Posting #Me Too Does Something, But Not Everything:

Awareness is only the first step, but it’s a crucial one. Unfortunately, there are a myriad of reasons why a victim might not want to come forward: emotional trauma, fear of not being believed, fear of consequences for their career, not wanting to become the poster child for sexual abuse. The reason #Me Too matters is because it encourages victims to tell their stories by creating a community of support and solidarity. Is it a solution? Of course not. That’s not the point.

Social media status campaigns often get flak for “not actually doing anything”, but all they’re really designed to do is get people talking. In fact, by sparking debate about effectiveness, they actually open the door to conversations about real methods of change. I will concede that they also have the downside of giving individuals an inflated sense of virtue. The mentality that by posting something political one has “become involved” and can now feel better about oneself is a dangerous breeding ground for complacency. Still, I can’t help but believe that someone who takes the time to make the post (however insignificant it might actually be) is still doing more than the person who complains that said post is meaningless, but then does not take action themselves.

So #Me Too, because it happened and it shouldn’t have. Because we need to talk about how to ensure that it doesn’t happen again to anyone. Here’s my story, or at least the part I’m ready to share:

Sexually Harassed? Of course. What woman hasn’t been? Sexually assaulted? No…almost? What’s in between harassment and assault? I’ll just say there were things that took place that I did not give my consent for. Even scarier to me, there were things I allowed to happen because I felt as if I owed something or I because I felt it was easier to let happen. I didn’t want to hurt their feelings, was afraid of the backlash, the questioning, didn’t want to seem uptight, uncool, or like “all the rest of the girls”. I didn’t want to make a big deal out of it, because comparatively speaking it wasn’t that bad. This is how pervasive rape culture is.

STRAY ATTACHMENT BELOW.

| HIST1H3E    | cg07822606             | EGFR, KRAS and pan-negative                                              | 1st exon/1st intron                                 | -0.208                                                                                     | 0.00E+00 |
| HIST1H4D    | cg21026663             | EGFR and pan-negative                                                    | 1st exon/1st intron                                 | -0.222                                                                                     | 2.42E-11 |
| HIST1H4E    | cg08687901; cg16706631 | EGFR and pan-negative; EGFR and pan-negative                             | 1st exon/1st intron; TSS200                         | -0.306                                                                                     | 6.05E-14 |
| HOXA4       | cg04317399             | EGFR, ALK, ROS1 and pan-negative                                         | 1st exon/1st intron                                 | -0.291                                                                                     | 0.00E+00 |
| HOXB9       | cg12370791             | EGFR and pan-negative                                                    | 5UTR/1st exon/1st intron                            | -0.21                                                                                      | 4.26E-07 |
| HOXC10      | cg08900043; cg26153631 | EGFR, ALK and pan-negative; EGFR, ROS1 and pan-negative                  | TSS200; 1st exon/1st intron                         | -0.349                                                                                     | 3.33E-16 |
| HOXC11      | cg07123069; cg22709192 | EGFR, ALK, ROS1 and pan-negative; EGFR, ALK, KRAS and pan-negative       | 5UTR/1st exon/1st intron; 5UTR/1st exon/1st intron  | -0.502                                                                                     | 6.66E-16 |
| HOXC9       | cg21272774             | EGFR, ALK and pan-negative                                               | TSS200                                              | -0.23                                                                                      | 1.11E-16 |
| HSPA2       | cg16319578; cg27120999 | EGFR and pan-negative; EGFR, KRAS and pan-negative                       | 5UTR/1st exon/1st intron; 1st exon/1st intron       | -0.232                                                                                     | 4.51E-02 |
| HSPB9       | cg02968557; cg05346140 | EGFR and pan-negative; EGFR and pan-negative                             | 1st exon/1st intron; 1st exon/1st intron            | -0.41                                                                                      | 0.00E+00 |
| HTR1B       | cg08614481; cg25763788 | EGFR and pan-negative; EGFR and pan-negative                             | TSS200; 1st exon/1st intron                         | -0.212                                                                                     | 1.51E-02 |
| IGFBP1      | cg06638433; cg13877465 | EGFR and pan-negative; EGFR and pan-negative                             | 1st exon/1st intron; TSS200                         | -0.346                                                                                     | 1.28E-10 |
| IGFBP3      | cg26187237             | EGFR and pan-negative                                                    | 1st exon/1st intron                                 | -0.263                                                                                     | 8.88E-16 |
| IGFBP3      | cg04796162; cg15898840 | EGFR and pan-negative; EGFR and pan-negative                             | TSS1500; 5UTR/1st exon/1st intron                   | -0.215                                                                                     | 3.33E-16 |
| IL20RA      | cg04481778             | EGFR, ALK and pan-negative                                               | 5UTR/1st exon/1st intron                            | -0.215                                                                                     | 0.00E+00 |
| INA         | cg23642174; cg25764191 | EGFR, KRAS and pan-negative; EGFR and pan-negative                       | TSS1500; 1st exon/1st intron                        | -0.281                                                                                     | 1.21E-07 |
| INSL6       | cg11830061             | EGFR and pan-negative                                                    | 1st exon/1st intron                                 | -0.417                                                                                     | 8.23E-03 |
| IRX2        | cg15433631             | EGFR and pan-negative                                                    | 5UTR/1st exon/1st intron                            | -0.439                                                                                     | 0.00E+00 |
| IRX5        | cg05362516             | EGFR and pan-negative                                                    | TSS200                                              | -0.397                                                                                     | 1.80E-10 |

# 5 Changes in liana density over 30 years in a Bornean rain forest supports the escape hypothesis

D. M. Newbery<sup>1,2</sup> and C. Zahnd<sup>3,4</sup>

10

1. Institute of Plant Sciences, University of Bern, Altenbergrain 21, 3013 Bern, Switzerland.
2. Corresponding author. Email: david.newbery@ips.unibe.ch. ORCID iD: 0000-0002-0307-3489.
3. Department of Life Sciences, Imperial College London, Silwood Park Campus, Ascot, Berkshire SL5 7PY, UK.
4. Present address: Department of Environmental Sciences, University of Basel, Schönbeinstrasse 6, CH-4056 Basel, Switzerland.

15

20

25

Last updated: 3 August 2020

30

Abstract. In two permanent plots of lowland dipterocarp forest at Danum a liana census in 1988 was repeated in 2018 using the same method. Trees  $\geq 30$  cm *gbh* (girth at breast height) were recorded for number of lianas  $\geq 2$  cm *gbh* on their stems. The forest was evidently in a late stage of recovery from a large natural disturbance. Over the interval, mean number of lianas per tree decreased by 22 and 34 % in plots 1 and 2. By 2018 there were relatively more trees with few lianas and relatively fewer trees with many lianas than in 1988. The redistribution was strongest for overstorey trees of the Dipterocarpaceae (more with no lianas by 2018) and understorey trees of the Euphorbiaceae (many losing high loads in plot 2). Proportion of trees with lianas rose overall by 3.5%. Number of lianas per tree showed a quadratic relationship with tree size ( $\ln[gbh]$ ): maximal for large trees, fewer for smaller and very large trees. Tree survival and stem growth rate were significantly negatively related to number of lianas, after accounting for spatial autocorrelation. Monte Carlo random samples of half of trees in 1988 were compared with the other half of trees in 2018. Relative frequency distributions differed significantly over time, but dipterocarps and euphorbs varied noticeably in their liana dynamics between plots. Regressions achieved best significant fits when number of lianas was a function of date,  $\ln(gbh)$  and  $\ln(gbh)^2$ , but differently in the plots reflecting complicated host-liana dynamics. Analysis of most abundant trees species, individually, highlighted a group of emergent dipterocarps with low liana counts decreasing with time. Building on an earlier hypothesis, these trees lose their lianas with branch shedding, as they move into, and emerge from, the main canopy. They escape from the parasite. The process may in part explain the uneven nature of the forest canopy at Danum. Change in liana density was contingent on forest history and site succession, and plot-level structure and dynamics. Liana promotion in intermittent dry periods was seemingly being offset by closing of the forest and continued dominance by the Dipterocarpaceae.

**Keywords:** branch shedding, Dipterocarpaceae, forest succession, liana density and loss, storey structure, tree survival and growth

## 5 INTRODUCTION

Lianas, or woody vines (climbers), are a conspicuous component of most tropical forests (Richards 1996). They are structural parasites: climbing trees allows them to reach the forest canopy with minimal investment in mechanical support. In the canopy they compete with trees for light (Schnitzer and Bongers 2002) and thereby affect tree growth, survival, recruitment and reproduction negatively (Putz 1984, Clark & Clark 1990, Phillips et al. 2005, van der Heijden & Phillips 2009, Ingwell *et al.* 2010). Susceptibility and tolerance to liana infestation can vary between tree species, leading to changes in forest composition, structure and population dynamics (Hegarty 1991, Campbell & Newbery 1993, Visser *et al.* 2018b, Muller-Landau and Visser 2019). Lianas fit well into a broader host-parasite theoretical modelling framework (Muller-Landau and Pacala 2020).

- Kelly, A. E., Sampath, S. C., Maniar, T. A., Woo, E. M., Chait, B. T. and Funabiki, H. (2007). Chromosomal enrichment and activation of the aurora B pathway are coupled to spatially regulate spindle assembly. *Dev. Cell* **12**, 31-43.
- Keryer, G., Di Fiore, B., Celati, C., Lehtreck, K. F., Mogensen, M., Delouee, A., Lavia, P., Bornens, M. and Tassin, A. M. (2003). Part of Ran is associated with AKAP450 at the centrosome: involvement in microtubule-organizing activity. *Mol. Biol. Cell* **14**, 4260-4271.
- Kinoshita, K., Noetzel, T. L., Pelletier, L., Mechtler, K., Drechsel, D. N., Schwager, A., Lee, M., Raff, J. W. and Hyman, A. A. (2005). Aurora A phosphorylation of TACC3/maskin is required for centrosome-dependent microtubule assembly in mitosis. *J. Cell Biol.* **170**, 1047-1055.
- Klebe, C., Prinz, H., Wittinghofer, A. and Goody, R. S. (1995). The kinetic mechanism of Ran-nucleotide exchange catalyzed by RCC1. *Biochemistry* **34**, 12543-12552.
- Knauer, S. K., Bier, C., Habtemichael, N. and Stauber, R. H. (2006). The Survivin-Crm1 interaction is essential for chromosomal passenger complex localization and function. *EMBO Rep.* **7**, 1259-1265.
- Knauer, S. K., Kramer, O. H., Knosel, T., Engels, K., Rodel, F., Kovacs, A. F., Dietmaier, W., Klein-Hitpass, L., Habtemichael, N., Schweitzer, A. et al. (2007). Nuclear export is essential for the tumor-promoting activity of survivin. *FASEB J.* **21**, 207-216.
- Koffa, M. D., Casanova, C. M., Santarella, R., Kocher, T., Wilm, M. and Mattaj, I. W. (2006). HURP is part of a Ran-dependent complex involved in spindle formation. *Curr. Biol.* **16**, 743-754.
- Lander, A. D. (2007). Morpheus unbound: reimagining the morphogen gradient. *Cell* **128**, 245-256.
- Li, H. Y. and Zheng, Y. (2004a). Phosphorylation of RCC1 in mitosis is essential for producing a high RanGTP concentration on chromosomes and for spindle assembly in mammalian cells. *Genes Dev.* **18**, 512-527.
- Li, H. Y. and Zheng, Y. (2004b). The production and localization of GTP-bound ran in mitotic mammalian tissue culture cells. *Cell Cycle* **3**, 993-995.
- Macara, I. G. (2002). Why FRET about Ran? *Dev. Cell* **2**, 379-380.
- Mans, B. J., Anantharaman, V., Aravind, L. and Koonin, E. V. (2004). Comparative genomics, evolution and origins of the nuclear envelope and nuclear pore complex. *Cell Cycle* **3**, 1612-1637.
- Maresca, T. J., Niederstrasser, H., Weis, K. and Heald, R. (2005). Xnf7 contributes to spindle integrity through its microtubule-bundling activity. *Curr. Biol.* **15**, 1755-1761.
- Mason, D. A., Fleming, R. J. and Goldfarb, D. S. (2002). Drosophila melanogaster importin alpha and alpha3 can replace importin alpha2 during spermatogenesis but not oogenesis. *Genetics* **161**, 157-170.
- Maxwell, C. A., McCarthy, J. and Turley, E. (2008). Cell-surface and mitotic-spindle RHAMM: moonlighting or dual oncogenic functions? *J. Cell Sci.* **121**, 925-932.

I considered myself a feminist at a very young age. Throughout my schools years I gobbled up information about powerful women, stayed up to date on the latest trends in feminism and social justice in general. I’ve always excelled in academic settings. Intellectually, I knew all the rhetoric, the proper advice to give, the maxims to stand behind and fight for. The real world however, is a different story.

In my interactions with other people, especially in social situations, I am for the most part fairly awkward and passive. The most common description of myself by others? I am really quiet, but really nice. What two adjectives could be more vapid? I have grown and improved over the years. With broad leaps that made me think, “Hey, maybe I’m normal now!” and backslides that have made me feel like that little preschooler who everyone assumed was mute.

Still, with all this self-knowledge, I never thought I would be the girl who just let it happen. But knowing how you should be treated and actually demanding that you be treated that way are two different things. As any post grad will tell you, school doesn’t really prepare you for the real world.

I’m not asking for sympathy or even justice. I just want to be able to trust myself again. I want to be able to trust myself to not stay silent. I have done things I am not proud of, taken stupid risks, but that still does not mean I deserved any of it. Our culture doesn’t just silence those who speak out, it silences those who haven’t yet spoken. It’s not just about fear, it’s about believing that it was actually your fault. The things is, no story is too small to tell. From catcalling to rape, none of it is acceptable. I am done feeling guilty.